Policing has almost always been a morally difficult task.
The general steps involve target acquisition/profiling, knowing when to detain someone, appropriate level of force for restraint, and use of deadly force for self-defense whether as a police officer or private citizen.
We’re balancing the competing interests of apprehending the bad guy and leaving innocent civilians alone.
Ideally, we have presumption of innocence until proven guilty.
We have different levels of standards of proof: Reasonable suspicion, probable cause, preponderance of the evidence, clear and convincing evidence, beyond reasonable doubt
Say you are a private citizen or police officer on the general lookout for a culprit.
What do you do when you see someone who fits the description of a culprit?
We do not presently have the ability to perfectly determine whether a person is the culprit or an innocent civilian.
But reasonable suspicion is a low legal standard for briefly detaining a suspect for investigatory purposes.
Innocent parties feel harassed when they get detained, but you also still have to catch the bad guy.
Deputies may point a rifle at someone because he fits the description of an active shooter while the suspect walks home from campus.
Ideally, such an encounter may be tense but innocent parties are still left unharmed, but fight or flight responses often kick in, and mistakes can unfortunately happen where they are fatal and final.
A private citizen who is inappropriately detained with guns pointed at him may justifiably pull out his own weapons for self defense, but in which case, police officers, still not knowing whether the person they detained is the culprit or not, will also aim their guns in self defense.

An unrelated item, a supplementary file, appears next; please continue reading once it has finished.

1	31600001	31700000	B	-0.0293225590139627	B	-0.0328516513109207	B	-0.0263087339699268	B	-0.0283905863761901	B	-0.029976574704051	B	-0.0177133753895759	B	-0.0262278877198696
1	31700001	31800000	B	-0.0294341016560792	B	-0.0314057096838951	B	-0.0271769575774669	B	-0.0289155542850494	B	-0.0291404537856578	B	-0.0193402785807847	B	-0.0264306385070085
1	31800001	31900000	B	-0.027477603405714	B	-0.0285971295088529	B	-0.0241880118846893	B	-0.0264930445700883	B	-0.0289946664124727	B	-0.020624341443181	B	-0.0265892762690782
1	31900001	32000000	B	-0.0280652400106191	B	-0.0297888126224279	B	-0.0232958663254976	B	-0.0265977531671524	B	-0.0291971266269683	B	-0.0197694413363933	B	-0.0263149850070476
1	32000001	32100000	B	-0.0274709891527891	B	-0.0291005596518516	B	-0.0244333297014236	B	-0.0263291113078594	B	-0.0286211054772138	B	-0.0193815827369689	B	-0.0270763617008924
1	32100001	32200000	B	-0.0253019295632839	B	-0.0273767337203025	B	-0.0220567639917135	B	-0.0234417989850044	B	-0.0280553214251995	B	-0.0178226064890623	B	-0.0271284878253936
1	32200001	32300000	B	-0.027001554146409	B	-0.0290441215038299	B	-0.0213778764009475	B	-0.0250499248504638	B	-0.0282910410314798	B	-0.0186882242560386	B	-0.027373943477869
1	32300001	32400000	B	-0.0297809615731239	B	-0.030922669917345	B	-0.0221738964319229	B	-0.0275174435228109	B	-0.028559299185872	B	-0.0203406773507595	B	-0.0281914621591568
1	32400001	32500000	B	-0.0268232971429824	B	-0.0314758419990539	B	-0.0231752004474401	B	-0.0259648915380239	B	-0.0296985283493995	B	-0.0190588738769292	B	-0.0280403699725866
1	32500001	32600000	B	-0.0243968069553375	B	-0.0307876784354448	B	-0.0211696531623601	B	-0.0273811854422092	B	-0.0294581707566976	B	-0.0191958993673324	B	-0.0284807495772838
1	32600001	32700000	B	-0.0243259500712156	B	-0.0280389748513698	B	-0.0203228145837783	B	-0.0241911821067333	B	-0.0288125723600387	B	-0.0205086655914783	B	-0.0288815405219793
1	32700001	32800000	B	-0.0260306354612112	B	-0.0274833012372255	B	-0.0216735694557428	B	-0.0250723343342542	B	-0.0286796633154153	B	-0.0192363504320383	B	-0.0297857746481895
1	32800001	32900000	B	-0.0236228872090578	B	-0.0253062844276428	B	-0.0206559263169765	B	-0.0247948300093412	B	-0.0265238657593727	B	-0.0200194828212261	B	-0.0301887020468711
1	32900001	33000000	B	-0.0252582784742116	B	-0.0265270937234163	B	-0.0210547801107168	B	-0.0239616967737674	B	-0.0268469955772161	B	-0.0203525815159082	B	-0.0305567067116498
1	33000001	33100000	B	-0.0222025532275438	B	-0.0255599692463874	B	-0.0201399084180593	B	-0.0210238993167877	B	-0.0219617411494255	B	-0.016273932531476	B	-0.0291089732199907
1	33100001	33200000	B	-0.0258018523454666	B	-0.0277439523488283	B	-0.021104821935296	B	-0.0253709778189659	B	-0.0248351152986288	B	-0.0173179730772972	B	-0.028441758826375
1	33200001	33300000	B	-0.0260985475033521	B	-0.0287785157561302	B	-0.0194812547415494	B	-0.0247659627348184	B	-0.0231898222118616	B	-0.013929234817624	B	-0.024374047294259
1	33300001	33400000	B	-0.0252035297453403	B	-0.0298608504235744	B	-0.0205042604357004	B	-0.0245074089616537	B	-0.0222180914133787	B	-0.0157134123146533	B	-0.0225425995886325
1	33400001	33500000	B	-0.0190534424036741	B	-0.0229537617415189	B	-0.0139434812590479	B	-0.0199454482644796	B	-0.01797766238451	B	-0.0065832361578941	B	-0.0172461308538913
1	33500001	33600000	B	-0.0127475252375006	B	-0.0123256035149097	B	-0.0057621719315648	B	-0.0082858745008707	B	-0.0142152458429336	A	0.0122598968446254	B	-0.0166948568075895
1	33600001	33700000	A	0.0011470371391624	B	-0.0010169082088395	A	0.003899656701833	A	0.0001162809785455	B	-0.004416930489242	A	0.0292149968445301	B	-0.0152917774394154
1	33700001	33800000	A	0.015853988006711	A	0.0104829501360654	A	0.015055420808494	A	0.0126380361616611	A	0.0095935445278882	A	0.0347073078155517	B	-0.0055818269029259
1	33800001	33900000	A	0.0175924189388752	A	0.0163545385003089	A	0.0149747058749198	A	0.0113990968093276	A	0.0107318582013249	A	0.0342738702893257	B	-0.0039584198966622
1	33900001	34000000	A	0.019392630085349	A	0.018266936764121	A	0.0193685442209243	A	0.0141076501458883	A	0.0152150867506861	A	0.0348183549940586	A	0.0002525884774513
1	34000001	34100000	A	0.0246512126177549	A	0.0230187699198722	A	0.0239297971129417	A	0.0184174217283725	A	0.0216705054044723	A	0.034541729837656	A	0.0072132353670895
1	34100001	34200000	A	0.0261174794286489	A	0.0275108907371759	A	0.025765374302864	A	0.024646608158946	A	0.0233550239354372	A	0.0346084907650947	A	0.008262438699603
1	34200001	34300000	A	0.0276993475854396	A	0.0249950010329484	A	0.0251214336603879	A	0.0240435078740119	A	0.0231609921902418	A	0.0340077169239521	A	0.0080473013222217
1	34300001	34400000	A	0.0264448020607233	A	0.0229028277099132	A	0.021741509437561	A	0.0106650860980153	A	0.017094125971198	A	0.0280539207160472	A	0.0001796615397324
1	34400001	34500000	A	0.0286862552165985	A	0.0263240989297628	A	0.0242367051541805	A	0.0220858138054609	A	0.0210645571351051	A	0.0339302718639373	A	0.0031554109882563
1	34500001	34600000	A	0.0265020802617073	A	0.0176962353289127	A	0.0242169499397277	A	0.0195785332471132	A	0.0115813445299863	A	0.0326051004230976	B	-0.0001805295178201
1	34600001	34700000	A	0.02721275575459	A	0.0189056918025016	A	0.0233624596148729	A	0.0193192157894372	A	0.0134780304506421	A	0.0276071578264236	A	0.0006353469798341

One person describes some of the unfortunate times where he feels penalized for having dark skin in America:
-A car follows him as he walks home from a party. The person had to hide in a stairwell because the car’s occupants got out and chased him.
-This is definitely an unfortunate and terrifying experience.
-But assuming the car’s occupants were private citizens trying to do a citizen’s arrest, they should at least just detain the man with the least amount of force necessary and leave him alone if he did not say anything that may condemn him.
-If the car’s occupants departed from this standard, they should be held accountable for inappropriate vigilante-like justice.
-He has to take precautions with his actions because as a large, tattooed, black man, his actions may be seen as threatening.
-I empathize. It would be nice if we lived in a world where we did not have to worry so much about our public perception for fear of being unjustly harassed or detained. But we do have fight or flight responses for a reason, although we should try to control the degree we let such fear drive our attitudes and actions, but this is not the easiest thing to do.
Friends say he is “not really black” or “not a thug like that guy.”
-These statements are unfortunate. They do betray a racist generalization that is not helpful for anyone. These statements paint with a broad stroke an entire ethnic group with criminal traits. It’s hard to ascertain how many people actually hold this generalization, but for probably the few who do, they should be made aware of it and learn to reprogram their thinking.